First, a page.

U.S. broadcaster CBS went dark for millions of Time Warner Cable subscribers on Friday in the nation's two largest markets after the cable operator and the network's parent company CBS Corp failed to reach an agreement over fees after weeks of contentious negotiations.
The blackout by Time Warner Cable of the No. 1 rated U.S. broadcast network followed an increasingly hostile and public battle between the two sides, which accused each other of making unreasonable demands in their talks over how much the cable operator will pay to carry CBS.
CBS, home to hits such as "The Big Bang Theory" and "NCIS," has never been dropped by a cable TV system, it said. An estimated 3.5 million customers are affected, including those in Los Angeles, New York and Dallas.
A source familiar with CBS' negotiating strategy said the company had offered to extend current terms and keep negotiating in the coming days. No new talks between the sides are scheduled, said the source who asked to be anonymous because the talks are private.
Time Warner Cable spokeswoman Maureen Huff said the operator offered a one-year extension before it blacked out the channels.
The companies issued dueling statements on Friday as Time Warner Cable began dropping CBS and its cable networks, including Showtime, from the company's systems in those markets.
The cable operator said it had agreed to extend talks until Tuesday morning but CBS "refused to have a productive discussion."
"It's become clear that no matter how much time we give them, they're not willing to come to reasonable terms," Time Warner Cable said. It thanked customers for patience "as we continue to fight hard to keep prices down."
CBS shot back that Time Warner Cable "conducted negotiations in a combative and non-productive spirit, indulging in pointless brinkmanship and distorted public positioning." It said Time Warner Cable had taken more than 50 channels off the air over the last five years.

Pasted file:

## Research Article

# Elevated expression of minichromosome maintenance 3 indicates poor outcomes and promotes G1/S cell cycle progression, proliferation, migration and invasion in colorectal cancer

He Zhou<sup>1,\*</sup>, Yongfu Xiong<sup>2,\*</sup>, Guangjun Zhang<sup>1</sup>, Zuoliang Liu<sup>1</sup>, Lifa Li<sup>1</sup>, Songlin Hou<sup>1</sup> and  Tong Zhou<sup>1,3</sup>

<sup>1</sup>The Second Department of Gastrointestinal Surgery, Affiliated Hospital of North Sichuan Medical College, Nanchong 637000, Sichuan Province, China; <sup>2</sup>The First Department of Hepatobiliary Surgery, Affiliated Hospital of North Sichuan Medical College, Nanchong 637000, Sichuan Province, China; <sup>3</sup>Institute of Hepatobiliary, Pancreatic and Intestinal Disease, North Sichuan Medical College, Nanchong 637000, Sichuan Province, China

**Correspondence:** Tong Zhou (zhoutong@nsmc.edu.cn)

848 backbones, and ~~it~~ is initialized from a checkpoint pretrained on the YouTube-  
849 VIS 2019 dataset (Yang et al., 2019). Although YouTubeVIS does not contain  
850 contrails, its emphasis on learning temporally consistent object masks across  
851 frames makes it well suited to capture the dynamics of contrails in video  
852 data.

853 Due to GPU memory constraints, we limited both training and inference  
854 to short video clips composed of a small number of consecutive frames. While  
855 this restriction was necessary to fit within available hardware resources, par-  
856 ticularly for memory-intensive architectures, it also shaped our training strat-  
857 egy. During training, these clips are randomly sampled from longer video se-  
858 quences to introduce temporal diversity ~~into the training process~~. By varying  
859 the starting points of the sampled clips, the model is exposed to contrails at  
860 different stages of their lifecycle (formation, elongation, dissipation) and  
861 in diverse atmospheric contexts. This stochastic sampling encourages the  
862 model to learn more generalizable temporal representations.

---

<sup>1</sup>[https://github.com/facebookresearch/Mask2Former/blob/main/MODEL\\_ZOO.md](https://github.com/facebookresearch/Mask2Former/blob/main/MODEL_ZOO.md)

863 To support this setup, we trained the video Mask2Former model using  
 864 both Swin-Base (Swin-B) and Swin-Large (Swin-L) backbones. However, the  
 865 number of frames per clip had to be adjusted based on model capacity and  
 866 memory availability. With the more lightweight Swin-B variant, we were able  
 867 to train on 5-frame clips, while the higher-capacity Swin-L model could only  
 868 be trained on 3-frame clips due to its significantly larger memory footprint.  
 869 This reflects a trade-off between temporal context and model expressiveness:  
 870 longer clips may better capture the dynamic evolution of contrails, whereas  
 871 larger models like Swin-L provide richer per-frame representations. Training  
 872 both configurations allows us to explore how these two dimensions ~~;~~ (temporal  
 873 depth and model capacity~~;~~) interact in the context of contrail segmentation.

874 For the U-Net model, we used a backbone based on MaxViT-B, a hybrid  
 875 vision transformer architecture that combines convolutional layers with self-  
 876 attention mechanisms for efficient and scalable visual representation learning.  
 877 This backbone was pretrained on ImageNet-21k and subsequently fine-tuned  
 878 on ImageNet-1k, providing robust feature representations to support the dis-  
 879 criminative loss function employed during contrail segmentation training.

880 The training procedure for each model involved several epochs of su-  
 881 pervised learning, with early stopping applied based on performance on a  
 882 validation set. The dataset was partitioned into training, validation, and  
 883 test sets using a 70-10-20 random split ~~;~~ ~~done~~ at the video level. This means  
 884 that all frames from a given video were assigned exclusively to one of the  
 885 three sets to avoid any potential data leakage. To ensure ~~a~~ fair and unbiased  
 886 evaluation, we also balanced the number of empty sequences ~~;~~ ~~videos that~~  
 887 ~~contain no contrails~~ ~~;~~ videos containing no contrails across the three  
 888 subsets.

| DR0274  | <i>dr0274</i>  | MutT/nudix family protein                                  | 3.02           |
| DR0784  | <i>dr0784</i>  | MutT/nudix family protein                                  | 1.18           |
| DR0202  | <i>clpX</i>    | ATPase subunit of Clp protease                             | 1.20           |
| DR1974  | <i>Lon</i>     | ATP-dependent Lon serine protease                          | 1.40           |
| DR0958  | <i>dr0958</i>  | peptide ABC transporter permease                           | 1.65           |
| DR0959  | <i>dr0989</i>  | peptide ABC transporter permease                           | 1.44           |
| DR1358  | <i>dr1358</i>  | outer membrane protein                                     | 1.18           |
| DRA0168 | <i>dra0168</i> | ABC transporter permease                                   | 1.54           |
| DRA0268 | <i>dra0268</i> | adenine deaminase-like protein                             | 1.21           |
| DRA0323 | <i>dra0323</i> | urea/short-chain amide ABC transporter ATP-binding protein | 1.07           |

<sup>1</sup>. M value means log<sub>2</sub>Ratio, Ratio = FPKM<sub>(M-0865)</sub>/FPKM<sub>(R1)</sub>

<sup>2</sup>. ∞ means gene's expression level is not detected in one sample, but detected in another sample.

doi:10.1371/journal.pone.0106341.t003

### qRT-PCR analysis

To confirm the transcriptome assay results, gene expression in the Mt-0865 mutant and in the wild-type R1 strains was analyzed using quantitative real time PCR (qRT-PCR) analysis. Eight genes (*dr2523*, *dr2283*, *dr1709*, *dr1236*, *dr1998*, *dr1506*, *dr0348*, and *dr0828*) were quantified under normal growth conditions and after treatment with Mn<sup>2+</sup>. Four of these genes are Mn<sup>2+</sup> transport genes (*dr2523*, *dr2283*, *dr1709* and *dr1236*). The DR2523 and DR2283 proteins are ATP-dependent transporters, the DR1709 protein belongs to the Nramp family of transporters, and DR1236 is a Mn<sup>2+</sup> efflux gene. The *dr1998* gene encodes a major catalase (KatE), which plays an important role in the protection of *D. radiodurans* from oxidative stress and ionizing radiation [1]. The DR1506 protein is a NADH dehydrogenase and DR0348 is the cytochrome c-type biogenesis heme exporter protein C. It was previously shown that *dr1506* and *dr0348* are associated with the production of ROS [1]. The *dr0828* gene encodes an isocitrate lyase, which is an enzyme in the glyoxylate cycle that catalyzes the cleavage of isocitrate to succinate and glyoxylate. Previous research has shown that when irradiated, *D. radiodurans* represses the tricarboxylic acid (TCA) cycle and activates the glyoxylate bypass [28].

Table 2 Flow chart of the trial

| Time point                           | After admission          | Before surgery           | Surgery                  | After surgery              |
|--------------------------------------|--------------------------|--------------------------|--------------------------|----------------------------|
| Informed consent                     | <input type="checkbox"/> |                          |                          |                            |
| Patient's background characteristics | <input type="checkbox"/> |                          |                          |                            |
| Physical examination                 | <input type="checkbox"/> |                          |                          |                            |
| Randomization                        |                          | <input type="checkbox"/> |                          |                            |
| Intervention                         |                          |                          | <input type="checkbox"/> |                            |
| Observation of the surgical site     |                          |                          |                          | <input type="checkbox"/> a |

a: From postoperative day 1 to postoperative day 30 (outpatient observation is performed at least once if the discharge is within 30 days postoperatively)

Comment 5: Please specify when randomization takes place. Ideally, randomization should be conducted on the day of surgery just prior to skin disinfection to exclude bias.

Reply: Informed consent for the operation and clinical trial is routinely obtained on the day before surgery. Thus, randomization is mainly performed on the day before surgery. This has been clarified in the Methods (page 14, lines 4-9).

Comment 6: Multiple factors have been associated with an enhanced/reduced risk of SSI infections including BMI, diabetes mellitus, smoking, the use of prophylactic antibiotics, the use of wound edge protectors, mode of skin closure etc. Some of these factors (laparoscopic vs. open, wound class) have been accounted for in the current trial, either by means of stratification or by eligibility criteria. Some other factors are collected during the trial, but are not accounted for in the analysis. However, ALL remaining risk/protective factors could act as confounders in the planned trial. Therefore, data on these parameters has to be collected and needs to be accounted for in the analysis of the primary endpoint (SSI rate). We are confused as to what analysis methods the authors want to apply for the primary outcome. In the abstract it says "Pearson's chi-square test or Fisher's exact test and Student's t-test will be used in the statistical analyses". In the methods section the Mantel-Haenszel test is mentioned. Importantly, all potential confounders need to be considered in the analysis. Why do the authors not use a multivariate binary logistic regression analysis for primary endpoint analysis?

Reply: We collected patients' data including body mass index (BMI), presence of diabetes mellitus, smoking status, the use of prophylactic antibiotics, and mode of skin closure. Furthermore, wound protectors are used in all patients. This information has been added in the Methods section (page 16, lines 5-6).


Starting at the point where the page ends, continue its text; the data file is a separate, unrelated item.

The network "is eager to make an agreement in line with the kind it has struck with every other cable, satellite and telco provider, and has continually sought reasonable term extensions to get that job done," CBS said.
The threat of blackouts have become increasingly common as networks, which provide programming, square off against cable operators that pay "retransmission fees" to transmit those programs into living rooms around the country.
The battle with CBS, one of the industry's toughest negotiators, represented a "once in a lifetime opportunity to go dark and fight (retransmission) fees," BTIG analyst Rich Greenfield said. "Time Warner had to do it," he said.
CBS is seeking a monthly fee of $2 per subscriber, said RBC Capital Markets analyst David Bank, up from about $1 currently.
"Compared to others who get $1 per (subscriber)," they've spent four to eight times as much on content," Bank said. "We think they'll prevail."
The blackout was the latest showdown between a broadcaster and a cable or satellite operator to break down, leaving subscribers of those services without their favorite programs.
Last summer, satellite operator DirecTV's 20 million customers were unable to see more than 20 of Viacom's cable networks, including Nickelodeon and MTV, for 10 days after those companies failed to strike a new deal.
Fox went dark for more than 3 million Cablevision customers in 2010. The two settled on October 31, 2010, restoring service for three Fox-owned TV stations, Fox Business Network, the National Geographic and other channels.
Cablevision blamed the 15-day blackout, which deprived its customers of most of the World Series, for the loss of many of the 35,000 subscribers who gave up their cable subscriptions during that quarter.
The CBS blackout caps weeks of aggressive marketing staged by both companies to get the public on their side. In TV commercials airing in the markets involved in the dispute, Time Warner Cable accused CBS of giving New York a "black eye," while CBS urged viewers in its own spot to "say no to Time Warner Cable," and gave them Time Warner Cable's phone number.
The loss of advertising dollars is relatively less painful during the summer, when networks air mostly reruns and audience numbers drop. If the blackout persists into August, however, CBS could lose audiences in the some of the largest U.S. markets for reliably popular National Football League games.
CBS Chief Executive Leslie Moonves, a former actor who played the heavy in crime shows like "Cannon," is one of the industry's toughest negotiators. He told analysts during a May 1 earnings call that CBS intends to generate $1 billion annually in retransmission fees from cable and satellite companies by 2017, "if not before."